Each year the Canadian Orthopaedic Foundation (COF) presents the J. Édouard Samson Award to an orthopaedic researcher for work over a five year period. The intent of the award is to promote further research. This intent has most definitely been met, as evidenced by two researchers who recently submitted final reports on their research, with funding through the Samson Award.
Dr. Nadr Jomha from the University of Alberta received the award in 2012 for his research project, “Vitrification of intact human articular cartilage.” Dr. Jomha’s research focused on the biologic restoration of joint surfaces to prevent the development of osteoarthritis. He explains:
“Our moveable joints are lined with articular cartilage that provides almost frictionless range of motion and decades of function. When a portion of the joint surface is damaged the joint is likely to deteriorate over time resulting in osteoarthritis (OA). Once OA begins, there is no treatment that can reverse the process. There are methods that can regenerate a type of cartilage that provides some function but does not regenerate the complex properties of articular cartilage. One alternative is to take articular cartilage from another joint. As we do not have spare cartilage to take in significant quantities it must be taken from deceased donors. This is in practice but there are limitations because the storage time after harvest is 28 days. This short time frame makes it difficult to assemble the surgical team, match for size and location and test for infectious diseases, resulting in suboptimal transplantation conditions and the wastage of tissue that is harvested but not transplanted within 28 days. My research has investigated ways to allow storage of articular cartilage for prolonged periods of time without tissue deterioration. To accomplish this, we have focused on a method of cold preservation called vitrification, which is the formation of a solid from a water solution without the formation of ice crystals.”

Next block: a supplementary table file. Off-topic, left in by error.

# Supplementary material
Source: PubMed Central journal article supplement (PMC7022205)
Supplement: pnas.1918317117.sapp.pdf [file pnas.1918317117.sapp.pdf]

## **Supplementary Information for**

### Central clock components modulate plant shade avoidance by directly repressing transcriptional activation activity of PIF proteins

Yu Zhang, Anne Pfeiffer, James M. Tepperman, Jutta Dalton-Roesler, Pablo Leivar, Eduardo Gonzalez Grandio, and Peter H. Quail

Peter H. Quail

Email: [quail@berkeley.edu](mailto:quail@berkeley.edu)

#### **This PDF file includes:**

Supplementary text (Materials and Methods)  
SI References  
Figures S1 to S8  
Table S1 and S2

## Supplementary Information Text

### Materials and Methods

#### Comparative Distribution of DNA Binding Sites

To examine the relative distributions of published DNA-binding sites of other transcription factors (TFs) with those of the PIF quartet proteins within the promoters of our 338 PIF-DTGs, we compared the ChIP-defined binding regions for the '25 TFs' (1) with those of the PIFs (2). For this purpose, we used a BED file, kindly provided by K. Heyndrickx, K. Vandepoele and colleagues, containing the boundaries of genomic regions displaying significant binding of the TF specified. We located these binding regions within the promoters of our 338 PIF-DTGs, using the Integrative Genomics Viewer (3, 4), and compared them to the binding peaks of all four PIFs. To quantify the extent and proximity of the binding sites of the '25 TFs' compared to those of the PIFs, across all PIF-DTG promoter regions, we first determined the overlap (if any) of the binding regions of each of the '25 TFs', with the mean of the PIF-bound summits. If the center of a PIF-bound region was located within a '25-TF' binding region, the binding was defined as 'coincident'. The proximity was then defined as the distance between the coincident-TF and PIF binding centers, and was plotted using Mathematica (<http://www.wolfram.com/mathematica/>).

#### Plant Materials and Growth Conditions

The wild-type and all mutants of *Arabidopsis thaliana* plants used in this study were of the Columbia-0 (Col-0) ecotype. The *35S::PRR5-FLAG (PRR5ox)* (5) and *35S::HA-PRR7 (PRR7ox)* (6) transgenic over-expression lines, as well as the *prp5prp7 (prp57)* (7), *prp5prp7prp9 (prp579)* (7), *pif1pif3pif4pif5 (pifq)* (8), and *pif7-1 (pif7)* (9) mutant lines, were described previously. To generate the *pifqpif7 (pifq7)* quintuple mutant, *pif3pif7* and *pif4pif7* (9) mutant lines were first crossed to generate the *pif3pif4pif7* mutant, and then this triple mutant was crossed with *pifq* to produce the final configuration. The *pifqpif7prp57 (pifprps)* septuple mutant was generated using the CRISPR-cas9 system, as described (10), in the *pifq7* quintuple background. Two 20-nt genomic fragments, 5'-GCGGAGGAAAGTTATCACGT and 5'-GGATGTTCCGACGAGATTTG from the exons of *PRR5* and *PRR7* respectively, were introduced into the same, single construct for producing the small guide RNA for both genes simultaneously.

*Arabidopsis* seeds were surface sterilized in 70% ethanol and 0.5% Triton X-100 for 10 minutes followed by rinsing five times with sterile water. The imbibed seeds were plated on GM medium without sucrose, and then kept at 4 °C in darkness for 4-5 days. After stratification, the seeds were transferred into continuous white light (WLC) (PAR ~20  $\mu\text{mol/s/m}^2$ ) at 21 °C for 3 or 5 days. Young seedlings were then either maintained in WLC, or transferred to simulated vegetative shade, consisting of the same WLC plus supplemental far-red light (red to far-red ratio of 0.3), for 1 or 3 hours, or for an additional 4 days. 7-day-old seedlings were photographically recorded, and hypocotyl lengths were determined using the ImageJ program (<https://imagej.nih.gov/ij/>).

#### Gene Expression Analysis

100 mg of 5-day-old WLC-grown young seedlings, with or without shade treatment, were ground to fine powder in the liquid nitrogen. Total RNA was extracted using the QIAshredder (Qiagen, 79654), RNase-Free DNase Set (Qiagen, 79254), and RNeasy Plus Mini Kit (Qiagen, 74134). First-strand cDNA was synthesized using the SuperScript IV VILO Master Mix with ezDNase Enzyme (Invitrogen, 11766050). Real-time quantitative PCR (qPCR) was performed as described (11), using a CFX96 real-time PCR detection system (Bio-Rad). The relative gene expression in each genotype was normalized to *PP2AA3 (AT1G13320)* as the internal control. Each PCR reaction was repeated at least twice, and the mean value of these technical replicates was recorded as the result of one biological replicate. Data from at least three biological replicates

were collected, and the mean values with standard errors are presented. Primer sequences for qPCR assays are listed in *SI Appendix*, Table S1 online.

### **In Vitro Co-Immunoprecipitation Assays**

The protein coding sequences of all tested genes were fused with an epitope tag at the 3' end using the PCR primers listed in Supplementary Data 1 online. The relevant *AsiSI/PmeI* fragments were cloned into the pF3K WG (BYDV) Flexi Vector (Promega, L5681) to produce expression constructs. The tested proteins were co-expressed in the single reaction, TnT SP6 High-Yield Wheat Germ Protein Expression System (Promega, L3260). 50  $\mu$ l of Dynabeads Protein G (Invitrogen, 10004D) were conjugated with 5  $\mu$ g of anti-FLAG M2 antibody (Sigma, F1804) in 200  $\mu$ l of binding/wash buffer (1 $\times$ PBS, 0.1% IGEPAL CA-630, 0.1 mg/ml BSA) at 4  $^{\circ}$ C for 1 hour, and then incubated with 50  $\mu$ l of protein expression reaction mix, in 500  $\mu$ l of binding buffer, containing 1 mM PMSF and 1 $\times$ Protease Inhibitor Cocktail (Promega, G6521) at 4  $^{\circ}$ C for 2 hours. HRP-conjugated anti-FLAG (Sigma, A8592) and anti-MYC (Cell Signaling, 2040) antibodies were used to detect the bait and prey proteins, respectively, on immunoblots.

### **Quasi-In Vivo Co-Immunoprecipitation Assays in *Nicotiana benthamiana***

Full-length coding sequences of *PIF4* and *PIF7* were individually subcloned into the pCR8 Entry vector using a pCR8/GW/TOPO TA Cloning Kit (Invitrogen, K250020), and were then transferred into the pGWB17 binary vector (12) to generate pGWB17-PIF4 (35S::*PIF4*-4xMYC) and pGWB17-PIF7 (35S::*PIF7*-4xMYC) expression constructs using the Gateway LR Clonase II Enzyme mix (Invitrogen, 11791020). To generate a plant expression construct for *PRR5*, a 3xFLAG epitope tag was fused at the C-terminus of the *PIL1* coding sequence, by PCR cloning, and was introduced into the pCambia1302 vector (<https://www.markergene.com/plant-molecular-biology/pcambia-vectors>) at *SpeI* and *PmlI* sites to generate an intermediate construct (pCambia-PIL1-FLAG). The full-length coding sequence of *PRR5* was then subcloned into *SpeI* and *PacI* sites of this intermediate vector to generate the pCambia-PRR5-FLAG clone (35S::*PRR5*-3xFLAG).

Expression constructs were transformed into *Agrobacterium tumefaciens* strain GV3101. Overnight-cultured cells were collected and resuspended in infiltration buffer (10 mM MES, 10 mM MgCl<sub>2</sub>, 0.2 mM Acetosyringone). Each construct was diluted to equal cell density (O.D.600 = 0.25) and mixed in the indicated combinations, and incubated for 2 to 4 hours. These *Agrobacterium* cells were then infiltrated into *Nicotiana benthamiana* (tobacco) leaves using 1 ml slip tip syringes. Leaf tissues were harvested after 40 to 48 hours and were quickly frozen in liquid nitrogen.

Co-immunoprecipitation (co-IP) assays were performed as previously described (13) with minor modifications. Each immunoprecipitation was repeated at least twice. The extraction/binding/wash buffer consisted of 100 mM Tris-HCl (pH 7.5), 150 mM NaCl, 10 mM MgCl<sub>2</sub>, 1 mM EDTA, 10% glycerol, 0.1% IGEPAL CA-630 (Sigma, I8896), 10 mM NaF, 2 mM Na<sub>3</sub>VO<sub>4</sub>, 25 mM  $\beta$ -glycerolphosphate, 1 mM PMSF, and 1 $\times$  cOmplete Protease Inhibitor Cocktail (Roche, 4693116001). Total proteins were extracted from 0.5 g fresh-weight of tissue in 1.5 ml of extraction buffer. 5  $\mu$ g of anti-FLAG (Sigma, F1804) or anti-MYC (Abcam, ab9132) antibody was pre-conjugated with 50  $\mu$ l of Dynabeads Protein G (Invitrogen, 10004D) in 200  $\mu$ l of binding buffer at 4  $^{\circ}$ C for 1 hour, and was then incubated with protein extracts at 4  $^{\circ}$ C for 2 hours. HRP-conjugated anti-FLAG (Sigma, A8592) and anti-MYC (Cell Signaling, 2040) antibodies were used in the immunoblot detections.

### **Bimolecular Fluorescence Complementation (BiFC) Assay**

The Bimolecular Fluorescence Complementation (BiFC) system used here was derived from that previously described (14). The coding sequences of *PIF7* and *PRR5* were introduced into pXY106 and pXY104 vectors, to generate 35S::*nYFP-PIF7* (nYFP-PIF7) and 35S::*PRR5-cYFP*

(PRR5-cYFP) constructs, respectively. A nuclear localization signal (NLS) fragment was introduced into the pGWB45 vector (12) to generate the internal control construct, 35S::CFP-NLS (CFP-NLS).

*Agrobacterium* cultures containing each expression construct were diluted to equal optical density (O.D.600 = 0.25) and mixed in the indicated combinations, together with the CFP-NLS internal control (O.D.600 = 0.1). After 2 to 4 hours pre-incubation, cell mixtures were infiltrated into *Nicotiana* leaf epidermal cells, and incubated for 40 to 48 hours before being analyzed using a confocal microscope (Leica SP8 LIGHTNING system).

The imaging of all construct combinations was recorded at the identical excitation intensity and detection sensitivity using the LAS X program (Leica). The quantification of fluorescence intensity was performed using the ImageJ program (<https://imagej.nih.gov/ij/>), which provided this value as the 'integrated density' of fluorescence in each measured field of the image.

Dr. Jomha and his research team have been able to cryopreserve joint cartilage and the researchers have been working with the Comprehensive Tissue Centre in Edmonton to optimize the protocol to make the process clinically applicable. They continue to progress toward being able to bank human articular cartilage for prolonged periods of time to enable transplantation for joint defects.
The Samson award has made a difference to the team’s work. Dr. Jomha points to difficult economic times, with researchers seeing cutbacks in funding. As well, his research does not fit with other funding streams which focus on new knowledge; his research focuses on optimization of previously determined knowledge. The COF was able to provide funding to fill in gaps where other funding was not available.
Dr. Brian Kwon, Professor and Canada Research Chair in Spinal Cord Injury at the University of British Columbia, received the J. Édouard Samson award in 2013 and submitted his final report this spring. Dr. Kwon’s research was entitled “Bench to Bedside and Back: Translational Research in Acute Spinal Cord Injury”. Dr. Kwon explains: